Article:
Silicon Valley loves a fad. And the defining fad of the last 18 months has surely been the metaverse, mostly thanks to Mark Zuckerberg rebranding Facebook to Meta and betting big on virtual worlds.
Having more of our lives move into virtual spaces after companies went fully remote during the pandemic seemed like a natural extension. Zoom calls, Slack, working from home — these previously niche features of our working life suddenly became the default as lockdown measures evolved into new social norms. You may not be wearing VR goggles, but Zoom meetings are a kind of metaverse.
Well (Zuckerberg, look away now) I’m afraid I disagree: the metaverse sucks. We are not the one-dimensional people Zuckerberg and the metaverse reduce us to — and neither are our workplaces. And if you’re running a startup that you want to grow quickly, you’re dooming it to failure from day one if you think virtual worlds are any replacement for in-person interaction.
It’s impossible to create a strong culture without in-person interactions
In-person interactions do something that a virtual room full of Sims-style avatars can never achieve — they build relationships, rapport and trust. They allow you to look a colleague or business partner in the eye and relate to them as a fellow human — just as our ancestors have done for thousands of years. That’s obviously important for growing a business by forging relationships with customers, but it’s crucial for internal purposes too, not least building a strong company culture.
I don’t believe my junior colleagues can ever truly buy into the TravelPerk way of doing things if they’ve never actually met me or anyone else they work with. In fact, I’d wager that it’s fundamentally impossible to create a strong company culture without in-person interactions.
The tech sector has a habit of over-relying on technology for the answer to every problem
Face-to-face meetings also allow much more nuanced conversation than you’ll ever get online, which is crucial for reaching good decisions as a business and doing so quickly. I’ve been in enough strategy meetings to know that there are often subtle differences in opinion in the room which will simply get lost if you’re just a face on a screen, leading to worse decisions. And you’ll never get the true measure of a candidate if you’re interviewing them over Zoom rather than across your desk — and every founder will tell you how important having the absolute best people from day one is.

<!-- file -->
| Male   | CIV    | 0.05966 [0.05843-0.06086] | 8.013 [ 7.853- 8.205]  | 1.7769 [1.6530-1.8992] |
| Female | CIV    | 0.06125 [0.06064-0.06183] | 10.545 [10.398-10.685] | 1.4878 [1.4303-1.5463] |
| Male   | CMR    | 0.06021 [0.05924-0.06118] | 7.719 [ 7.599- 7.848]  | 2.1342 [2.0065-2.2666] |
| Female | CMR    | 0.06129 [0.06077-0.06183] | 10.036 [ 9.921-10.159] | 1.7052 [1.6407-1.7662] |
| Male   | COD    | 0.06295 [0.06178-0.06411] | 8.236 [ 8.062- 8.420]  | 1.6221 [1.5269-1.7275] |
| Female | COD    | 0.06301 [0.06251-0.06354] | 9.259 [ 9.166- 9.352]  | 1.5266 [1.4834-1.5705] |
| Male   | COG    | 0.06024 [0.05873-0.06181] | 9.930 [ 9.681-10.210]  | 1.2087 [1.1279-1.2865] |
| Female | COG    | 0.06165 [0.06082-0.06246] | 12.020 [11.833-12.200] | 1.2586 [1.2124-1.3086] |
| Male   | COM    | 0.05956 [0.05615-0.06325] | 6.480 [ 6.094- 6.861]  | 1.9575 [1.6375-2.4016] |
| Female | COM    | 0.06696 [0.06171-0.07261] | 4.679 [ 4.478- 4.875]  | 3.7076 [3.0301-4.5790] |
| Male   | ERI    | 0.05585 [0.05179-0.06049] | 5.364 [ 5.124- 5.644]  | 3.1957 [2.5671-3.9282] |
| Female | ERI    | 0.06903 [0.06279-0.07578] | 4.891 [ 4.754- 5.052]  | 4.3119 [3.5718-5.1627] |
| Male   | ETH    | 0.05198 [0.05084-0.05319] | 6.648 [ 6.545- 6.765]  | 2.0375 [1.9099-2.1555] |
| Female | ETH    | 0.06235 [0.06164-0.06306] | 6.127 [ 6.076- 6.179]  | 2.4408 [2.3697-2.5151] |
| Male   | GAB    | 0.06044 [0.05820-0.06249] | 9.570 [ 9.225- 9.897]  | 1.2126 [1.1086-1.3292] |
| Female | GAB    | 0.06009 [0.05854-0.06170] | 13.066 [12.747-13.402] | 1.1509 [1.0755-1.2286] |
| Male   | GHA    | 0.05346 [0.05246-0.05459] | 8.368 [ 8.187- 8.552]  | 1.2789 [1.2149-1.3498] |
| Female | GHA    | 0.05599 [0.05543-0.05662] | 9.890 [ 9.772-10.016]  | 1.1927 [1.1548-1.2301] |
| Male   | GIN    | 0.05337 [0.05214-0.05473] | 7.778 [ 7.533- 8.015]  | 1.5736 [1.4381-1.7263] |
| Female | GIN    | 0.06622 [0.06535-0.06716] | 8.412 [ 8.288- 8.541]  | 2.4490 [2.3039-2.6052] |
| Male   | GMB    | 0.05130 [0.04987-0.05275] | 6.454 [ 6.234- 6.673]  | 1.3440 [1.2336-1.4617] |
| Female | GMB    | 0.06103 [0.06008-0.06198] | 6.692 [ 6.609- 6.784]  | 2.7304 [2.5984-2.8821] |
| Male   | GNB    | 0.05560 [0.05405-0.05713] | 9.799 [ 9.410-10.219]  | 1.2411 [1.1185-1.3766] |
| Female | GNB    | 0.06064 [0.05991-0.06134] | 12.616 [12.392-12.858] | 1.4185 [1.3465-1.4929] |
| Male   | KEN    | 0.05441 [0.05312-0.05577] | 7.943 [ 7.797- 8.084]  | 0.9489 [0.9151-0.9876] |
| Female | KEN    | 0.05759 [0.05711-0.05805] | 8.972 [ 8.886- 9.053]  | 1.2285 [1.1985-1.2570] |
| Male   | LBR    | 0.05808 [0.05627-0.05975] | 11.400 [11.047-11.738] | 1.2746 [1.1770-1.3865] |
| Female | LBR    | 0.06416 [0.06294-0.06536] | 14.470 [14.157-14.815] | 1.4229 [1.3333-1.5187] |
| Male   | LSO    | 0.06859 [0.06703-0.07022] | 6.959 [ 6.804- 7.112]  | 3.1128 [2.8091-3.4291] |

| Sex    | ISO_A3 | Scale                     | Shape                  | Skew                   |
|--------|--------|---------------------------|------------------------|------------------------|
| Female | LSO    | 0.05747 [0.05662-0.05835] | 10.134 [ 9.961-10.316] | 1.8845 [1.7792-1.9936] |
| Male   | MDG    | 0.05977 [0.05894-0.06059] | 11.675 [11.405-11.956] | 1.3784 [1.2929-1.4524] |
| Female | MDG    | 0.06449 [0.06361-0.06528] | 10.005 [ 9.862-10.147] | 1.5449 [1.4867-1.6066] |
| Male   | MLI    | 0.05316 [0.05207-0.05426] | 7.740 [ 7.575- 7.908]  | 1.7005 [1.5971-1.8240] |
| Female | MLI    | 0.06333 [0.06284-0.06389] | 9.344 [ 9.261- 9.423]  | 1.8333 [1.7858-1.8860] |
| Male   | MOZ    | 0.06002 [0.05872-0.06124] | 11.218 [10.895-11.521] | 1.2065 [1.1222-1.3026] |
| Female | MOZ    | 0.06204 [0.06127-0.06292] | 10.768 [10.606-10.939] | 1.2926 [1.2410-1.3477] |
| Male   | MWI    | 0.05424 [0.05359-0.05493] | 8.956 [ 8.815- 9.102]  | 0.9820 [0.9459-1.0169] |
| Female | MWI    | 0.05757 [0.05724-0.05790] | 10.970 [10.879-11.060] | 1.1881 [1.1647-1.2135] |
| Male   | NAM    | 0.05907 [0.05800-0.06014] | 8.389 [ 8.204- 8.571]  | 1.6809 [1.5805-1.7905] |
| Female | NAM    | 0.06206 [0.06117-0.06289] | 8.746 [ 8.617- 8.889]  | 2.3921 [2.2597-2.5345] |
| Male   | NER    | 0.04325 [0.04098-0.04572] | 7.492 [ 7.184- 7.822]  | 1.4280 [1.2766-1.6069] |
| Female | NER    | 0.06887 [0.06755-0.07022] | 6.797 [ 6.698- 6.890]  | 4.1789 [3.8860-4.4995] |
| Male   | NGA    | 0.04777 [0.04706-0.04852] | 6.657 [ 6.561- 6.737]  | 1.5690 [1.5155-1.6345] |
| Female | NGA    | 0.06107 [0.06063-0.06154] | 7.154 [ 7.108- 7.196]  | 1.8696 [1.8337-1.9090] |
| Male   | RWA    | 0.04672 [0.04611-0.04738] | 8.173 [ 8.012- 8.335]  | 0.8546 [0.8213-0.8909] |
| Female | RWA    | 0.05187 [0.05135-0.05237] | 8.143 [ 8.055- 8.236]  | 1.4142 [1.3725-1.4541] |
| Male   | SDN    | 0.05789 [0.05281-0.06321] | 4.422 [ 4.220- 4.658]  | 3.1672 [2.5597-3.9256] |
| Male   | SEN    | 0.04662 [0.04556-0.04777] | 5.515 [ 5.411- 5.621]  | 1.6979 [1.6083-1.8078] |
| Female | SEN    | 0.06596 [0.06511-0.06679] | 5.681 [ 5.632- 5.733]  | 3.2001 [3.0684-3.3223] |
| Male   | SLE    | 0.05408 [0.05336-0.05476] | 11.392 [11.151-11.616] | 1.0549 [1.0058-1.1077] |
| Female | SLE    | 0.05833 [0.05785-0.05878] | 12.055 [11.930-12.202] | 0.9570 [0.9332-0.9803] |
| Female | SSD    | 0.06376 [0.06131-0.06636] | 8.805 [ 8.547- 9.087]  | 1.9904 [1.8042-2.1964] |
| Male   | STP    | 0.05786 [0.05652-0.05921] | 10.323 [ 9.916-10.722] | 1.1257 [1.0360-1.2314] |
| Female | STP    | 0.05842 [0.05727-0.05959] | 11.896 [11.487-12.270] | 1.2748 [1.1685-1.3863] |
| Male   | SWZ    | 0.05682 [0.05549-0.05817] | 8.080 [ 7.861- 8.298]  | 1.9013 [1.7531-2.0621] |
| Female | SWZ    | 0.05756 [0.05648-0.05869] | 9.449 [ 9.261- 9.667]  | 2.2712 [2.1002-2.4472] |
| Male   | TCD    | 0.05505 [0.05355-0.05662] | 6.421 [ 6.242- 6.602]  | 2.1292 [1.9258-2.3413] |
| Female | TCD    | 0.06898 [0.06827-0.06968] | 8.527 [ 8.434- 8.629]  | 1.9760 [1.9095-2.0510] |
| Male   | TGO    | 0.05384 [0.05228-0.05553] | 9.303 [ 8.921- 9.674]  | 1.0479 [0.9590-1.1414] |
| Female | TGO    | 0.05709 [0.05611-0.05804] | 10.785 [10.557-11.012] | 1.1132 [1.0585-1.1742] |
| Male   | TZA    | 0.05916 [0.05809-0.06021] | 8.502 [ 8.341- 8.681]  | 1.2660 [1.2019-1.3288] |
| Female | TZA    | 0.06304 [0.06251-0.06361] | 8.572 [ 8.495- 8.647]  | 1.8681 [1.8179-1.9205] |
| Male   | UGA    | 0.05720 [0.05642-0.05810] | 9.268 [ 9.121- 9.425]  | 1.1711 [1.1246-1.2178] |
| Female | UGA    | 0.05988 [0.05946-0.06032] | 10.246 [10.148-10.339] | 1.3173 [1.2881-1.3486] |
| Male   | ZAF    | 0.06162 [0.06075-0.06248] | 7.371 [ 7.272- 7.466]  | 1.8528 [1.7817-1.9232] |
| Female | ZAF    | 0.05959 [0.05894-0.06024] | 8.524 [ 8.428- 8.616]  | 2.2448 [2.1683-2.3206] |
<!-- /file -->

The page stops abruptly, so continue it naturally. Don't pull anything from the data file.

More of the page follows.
That’s not to say that remote working doesn’t have its place in a startup’s toolkit. If you’re working on a spreadsheet or fixing a complex bug and you need to get your head down and concentrate, then working alone — from home or in an area of the office that offers comfort and privacy — is often the best set-up.
Make your office meet its full potential
So what’s the best approach for a founder with all this in mind? Certainly, it’s not about restoring pre-pandemic ways of working, which the world has moved on from. And it’s not about presenteeism, as anyone who I’ve told to go home if they’re still in the office past 7pm will tell you.
Instead, it’s the principle that what you’re doing dictates what you need from your work environment — and if what you’re doing involves human interaction, then it should be in real life. At TravelPerk that’s reflected in our only remote vs in-person policy: meeting other humans should be done in real life.
Of course, as a leader, it’s on you to make sure that being in the office actually meets its full potential. When we refitted our HQ following the pandemic, my brief to the design team was to make everyone’s workstation better than their desk at home. For designers, that might have meant open, collaborative spaces. For sales teams — to create a high-energy, competitive environment — we installed banks of phone booths for calls with customers. For engineers, it could be quiet space to concentrate.
In each case, we built it intentionally with the specific needs of that function front of mind, rather than mindlessly forcing them into our preconceived idea of what the office should be and insisting they turn up five days a week to work in it.
The tech sector has a habit of over-relying on technology for the answer to every problem. And often (including when it comes to revolutionising the world of business travel!) they’re right. But when it comes to dealing with people — whether assembling a strong team, creating a culture that sets you up to succeed, or building the customer relationships you need to grow — the interactions that matter happen in person. And — sorry Zuckerberg — they always will.